Shopping returns grow – with environmental as well as financial impact | WARC | The Feed
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Shopping returns grow – with environmental as well as financial impact
An estimated $135bn worth of goods will be returned in the US between Thanksgiving and the end of January, a 12.5% increase from the same period last year.
And rather than ending up back on retailers’ shelves, a big chunk of that will go to landfill, according to Optoro, a reverse logistics tech company.
Why it matters
While Optoro’s figures refer to the US, it’s a problem for retailers everywhere. An easy – and free – returns process can be an important factor in ensuring a positive experience that helps retain customers and drive growth. But as returns grow, new questions have to be addressed.
Do the financial costs involved justify the effort? And as more businesses proclaim their sustainability efforts when it comes to making products, how do they square that with the environmental impact of handling all those returns, whether that’s in terms of transport emissions or, in the case of fashion items in particular, the extra landfill being created.
By the numbers
- Total US returns in 2021 accounted for more than $761bn in merchandise.
- Online returns resulted in 14% more waste than in-store in 2021.
- Returned inventory creates some 44 million tons of landfill waste each year, and emits more than 27 million tons of carbon dioxide.
- Apparel has the second-highest return rate at 12.2%; but auto parts are highest at 19.4%, according to the National Retail Federation.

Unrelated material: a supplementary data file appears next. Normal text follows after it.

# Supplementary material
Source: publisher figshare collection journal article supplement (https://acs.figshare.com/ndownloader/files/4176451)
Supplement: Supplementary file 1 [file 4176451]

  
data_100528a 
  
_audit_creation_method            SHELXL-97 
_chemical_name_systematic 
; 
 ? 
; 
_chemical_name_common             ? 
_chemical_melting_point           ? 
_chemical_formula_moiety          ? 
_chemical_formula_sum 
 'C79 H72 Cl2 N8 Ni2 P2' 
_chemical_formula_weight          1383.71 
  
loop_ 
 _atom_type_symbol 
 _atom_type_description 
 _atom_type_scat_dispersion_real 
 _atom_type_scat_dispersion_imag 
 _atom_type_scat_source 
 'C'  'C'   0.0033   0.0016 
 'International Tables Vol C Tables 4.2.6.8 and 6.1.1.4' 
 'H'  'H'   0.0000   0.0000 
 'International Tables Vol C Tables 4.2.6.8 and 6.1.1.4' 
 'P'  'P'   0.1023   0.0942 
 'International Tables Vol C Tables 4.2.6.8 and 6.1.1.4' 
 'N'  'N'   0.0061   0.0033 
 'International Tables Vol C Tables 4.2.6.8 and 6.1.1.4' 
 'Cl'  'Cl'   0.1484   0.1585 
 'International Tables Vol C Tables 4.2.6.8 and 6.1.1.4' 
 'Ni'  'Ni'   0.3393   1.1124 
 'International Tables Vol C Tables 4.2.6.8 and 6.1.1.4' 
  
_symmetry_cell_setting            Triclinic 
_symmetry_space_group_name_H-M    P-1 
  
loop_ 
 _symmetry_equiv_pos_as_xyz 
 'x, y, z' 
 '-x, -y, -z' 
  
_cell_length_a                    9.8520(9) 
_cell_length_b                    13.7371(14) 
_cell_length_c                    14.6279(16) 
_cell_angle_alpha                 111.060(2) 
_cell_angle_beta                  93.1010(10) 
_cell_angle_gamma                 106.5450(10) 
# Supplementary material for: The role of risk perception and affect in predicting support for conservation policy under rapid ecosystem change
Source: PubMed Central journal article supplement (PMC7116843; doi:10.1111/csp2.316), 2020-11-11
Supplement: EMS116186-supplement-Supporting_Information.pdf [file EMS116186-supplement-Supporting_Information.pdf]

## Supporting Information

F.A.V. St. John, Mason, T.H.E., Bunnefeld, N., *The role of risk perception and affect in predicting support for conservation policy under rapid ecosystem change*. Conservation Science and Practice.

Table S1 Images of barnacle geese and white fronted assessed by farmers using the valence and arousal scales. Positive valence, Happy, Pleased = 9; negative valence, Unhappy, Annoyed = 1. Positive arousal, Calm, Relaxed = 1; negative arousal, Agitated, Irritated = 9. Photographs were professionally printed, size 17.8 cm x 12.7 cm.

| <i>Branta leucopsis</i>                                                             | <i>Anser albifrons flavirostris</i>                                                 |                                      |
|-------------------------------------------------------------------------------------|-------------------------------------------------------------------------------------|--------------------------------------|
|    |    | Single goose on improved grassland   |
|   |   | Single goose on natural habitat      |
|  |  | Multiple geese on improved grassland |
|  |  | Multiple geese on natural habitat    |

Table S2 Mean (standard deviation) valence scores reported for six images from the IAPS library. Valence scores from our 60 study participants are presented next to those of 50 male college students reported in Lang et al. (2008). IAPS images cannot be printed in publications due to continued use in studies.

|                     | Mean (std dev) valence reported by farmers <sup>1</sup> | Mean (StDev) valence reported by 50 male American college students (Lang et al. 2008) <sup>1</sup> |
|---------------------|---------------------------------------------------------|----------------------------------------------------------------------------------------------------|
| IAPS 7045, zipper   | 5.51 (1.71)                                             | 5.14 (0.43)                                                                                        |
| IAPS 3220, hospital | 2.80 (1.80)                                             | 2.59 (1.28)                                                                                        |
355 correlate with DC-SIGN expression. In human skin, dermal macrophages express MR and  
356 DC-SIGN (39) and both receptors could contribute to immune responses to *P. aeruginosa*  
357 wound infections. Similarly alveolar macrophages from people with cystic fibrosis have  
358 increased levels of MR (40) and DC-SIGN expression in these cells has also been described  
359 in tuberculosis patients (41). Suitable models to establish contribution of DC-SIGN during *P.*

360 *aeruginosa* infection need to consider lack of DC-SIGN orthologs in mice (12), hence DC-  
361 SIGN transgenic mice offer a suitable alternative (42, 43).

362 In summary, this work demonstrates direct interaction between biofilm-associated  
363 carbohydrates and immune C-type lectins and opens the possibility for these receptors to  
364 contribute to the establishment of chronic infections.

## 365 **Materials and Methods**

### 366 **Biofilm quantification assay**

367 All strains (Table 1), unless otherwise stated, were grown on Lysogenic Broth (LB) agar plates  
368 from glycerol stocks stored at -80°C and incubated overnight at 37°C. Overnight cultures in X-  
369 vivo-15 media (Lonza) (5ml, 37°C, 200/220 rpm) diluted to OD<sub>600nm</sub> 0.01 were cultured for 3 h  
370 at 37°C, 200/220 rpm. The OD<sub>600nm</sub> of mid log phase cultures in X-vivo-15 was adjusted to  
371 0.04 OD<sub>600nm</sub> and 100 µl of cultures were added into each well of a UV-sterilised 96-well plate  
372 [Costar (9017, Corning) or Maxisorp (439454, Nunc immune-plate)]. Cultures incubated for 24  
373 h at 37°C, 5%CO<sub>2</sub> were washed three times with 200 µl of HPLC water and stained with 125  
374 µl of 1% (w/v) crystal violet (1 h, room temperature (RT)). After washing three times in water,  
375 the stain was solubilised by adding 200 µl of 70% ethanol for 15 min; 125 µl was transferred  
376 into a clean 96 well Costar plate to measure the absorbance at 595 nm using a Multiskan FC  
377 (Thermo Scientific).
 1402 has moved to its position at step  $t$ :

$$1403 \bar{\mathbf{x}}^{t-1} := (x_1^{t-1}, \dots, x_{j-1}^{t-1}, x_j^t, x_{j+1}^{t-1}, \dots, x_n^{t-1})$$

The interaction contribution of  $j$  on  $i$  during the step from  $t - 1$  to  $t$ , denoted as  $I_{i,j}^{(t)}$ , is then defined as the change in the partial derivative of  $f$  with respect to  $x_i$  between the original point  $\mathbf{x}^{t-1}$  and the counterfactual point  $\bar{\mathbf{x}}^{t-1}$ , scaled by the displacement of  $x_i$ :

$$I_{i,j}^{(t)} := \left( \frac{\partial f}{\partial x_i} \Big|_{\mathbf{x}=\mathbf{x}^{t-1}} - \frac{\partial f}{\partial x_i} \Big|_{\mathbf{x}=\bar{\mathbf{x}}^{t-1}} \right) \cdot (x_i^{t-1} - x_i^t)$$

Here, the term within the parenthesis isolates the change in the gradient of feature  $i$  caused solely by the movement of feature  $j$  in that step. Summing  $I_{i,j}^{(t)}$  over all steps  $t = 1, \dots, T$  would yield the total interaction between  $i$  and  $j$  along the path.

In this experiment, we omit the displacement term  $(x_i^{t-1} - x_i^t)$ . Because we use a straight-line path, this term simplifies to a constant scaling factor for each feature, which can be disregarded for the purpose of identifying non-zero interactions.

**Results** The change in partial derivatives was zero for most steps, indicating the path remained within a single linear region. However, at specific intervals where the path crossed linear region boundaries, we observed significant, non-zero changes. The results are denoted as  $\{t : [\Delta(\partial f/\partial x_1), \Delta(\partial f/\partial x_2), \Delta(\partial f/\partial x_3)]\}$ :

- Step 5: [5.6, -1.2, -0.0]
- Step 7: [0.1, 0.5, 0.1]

“You’re losing a ton of value in markdowns that occur and goods that don’t get back to stock, which is a lot of cheaper goods and larger items where it doesn’t make economical sense to fully process the goods. A lot of those goods end up just going straight to landfills” – Tobin Moore, CEO and co-founder of Optoro, talking to Retail Brew.
What’s the solution?
The obvious answer is to simply reduce the number of returns by making the purchase process better. For fashion brands, that increasingly involves the use of virtual try-on technology so consumers can get the fit right first time rather than buying several sizes to try on at home before sending back those that don’t fit.
Optoro also points out that a more sophisticated returns process can avoid sending products to landfill, instead redirecting them to resale or wholesale alternatives, or donating them to charity.
Sourced from Retail Brew, Optoro
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